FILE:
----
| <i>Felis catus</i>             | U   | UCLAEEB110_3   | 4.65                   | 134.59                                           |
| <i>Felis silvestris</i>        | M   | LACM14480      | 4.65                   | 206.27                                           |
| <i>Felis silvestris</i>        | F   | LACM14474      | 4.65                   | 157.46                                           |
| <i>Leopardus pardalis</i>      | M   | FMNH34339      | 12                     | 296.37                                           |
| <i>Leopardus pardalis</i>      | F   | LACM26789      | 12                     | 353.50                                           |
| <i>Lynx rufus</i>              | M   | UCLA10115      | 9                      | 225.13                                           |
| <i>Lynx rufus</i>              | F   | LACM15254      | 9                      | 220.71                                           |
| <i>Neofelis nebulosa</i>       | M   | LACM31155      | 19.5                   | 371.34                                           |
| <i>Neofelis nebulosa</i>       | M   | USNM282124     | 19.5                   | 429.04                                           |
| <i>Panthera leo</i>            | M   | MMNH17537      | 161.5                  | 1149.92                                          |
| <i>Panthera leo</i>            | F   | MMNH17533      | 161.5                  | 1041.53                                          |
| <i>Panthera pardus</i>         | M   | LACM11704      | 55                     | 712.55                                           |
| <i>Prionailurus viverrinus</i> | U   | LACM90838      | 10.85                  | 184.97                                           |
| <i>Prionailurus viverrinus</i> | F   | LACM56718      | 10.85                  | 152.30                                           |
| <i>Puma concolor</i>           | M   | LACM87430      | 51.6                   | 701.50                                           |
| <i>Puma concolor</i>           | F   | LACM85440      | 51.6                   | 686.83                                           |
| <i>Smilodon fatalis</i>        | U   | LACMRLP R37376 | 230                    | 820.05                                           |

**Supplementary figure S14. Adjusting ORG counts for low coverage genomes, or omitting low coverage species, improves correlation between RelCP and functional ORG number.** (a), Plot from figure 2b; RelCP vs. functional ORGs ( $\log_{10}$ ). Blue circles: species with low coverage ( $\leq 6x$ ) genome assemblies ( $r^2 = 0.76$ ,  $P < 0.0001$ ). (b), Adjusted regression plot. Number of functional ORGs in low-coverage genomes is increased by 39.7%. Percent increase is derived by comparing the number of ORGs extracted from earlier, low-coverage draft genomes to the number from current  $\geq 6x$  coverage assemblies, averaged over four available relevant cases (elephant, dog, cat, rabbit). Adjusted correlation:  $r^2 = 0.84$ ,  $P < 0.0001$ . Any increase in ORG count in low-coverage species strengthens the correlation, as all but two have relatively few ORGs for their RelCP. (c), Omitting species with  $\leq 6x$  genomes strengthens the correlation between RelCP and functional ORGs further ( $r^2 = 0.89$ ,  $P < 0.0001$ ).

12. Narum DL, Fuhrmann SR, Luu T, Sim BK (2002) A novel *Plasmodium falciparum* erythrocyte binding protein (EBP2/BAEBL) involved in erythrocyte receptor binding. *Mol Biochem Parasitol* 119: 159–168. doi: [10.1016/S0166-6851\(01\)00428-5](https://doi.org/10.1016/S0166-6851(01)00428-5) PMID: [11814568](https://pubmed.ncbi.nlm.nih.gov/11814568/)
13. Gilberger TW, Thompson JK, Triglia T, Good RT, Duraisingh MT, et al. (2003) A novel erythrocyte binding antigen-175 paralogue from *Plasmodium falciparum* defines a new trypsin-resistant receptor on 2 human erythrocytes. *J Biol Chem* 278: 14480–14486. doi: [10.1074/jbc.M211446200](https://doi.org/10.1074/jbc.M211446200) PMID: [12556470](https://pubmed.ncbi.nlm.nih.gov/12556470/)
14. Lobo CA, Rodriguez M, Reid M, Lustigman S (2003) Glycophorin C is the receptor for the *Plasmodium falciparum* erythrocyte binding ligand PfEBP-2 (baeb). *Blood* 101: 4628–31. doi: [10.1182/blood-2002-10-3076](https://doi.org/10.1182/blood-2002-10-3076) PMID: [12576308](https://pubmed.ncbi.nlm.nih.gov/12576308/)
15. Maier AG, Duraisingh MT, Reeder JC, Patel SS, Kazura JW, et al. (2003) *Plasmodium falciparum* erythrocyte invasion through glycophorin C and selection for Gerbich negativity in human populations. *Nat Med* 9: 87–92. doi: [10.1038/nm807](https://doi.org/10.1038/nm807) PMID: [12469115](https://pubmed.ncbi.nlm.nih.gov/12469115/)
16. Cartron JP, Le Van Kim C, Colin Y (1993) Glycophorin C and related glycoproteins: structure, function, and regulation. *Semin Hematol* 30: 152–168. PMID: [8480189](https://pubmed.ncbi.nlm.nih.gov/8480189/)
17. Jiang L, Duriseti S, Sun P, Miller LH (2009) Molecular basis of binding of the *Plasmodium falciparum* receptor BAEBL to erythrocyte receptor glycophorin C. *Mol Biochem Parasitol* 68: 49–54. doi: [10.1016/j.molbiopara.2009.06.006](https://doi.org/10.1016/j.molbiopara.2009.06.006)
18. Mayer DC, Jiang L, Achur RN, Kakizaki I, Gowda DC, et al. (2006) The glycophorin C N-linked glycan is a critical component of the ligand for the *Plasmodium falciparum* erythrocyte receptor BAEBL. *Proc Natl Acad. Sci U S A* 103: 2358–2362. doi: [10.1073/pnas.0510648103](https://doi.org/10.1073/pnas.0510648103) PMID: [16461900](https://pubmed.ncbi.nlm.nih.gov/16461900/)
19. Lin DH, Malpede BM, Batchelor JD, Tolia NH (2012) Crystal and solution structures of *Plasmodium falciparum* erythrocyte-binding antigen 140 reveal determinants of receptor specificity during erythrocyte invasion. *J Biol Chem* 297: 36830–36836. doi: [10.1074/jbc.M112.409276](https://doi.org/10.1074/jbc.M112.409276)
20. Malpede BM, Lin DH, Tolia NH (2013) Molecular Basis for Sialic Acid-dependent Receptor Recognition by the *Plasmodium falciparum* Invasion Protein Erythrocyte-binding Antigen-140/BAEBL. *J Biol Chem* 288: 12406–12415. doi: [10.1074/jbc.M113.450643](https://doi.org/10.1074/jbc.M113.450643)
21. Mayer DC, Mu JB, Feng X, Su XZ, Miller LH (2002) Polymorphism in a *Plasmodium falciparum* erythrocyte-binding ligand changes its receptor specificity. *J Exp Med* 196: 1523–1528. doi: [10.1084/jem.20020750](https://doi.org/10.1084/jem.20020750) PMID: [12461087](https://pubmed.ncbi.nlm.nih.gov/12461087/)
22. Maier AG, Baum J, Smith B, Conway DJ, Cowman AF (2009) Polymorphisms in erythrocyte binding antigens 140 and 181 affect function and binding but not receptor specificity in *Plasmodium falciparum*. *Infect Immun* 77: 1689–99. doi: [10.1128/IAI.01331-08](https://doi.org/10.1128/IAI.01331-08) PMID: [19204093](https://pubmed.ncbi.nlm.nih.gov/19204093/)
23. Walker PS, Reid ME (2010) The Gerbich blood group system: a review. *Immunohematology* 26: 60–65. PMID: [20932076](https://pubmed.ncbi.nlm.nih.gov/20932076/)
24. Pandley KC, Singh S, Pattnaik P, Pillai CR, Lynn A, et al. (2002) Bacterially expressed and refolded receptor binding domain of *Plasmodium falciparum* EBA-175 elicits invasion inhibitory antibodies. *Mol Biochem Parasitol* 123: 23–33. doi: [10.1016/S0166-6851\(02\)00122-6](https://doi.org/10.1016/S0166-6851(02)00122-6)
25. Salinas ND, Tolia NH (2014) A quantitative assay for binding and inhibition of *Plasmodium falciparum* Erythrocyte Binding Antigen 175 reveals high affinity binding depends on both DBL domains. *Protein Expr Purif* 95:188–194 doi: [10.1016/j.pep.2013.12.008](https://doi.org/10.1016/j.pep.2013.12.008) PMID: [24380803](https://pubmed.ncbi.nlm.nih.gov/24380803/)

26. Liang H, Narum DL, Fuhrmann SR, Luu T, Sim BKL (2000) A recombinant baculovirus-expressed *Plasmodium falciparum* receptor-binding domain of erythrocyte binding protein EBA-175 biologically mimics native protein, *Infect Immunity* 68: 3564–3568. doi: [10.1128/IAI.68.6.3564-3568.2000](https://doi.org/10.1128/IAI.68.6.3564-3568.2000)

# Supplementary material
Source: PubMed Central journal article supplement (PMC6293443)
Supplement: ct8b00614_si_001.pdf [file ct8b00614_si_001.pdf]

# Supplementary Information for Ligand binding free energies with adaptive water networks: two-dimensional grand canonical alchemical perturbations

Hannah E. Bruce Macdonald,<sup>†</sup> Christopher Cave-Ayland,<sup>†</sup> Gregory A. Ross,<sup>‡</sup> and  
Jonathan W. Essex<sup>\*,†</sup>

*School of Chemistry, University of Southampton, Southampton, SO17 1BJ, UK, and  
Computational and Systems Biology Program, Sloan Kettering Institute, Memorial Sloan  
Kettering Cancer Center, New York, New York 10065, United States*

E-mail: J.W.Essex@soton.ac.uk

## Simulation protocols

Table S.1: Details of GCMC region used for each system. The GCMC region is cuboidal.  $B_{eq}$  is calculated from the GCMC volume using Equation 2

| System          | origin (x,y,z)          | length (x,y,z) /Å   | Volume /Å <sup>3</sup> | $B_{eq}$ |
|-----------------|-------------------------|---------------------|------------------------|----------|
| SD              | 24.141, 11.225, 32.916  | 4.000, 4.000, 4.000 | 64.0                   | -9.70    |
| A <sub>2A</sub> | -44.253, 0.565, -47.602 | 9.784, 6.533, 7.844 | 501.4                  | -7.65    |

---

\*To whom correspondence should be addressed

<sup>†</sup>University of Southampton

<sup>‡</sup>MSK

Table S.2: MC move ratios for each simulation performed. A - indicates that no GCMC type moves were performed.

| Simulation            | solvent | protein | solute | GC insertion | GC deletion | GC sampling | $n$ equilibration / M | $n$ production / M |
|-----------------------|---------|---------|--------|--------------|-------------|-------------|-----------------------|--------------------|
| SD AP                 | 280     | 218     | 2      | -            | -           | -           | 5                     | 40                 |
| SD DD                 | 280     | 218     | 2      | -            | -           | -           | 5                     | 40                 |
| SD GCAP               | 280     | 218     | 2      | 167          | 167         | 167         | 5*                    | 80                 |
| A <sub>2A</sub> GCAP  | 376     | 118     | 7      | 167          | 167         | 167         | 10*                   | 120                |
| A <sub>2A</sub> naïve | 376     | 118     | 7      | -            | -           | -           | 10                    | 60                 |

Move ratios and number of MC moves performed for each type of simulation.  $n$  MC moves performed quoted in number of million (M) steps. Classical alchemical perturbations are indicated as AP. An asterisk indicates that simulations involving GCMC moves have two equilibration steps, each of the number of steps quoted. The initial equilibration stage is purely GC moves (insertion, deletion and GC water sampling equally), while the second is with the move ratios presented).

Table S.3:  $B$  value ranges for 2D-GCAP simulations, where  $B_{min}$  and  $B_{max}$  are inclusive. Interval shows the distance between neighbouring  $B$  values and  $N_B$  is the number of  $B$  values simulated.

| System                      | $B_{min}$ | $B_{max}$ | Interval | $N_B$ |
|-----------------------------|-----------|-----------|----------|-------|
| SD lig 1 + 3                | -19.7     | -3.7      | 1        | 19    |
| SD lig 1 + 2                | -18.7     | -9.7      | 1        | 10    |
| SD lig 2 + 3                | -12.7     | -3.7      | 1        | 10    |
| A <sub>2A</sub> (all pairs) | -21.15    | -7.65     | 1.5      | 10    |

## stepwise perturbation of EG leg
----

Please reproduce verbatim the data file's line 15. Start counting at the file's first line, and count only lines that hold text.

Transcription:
| <i>Puma concolor</i>           | M   | LACM87430      | 51.6                   | 701.50                                           |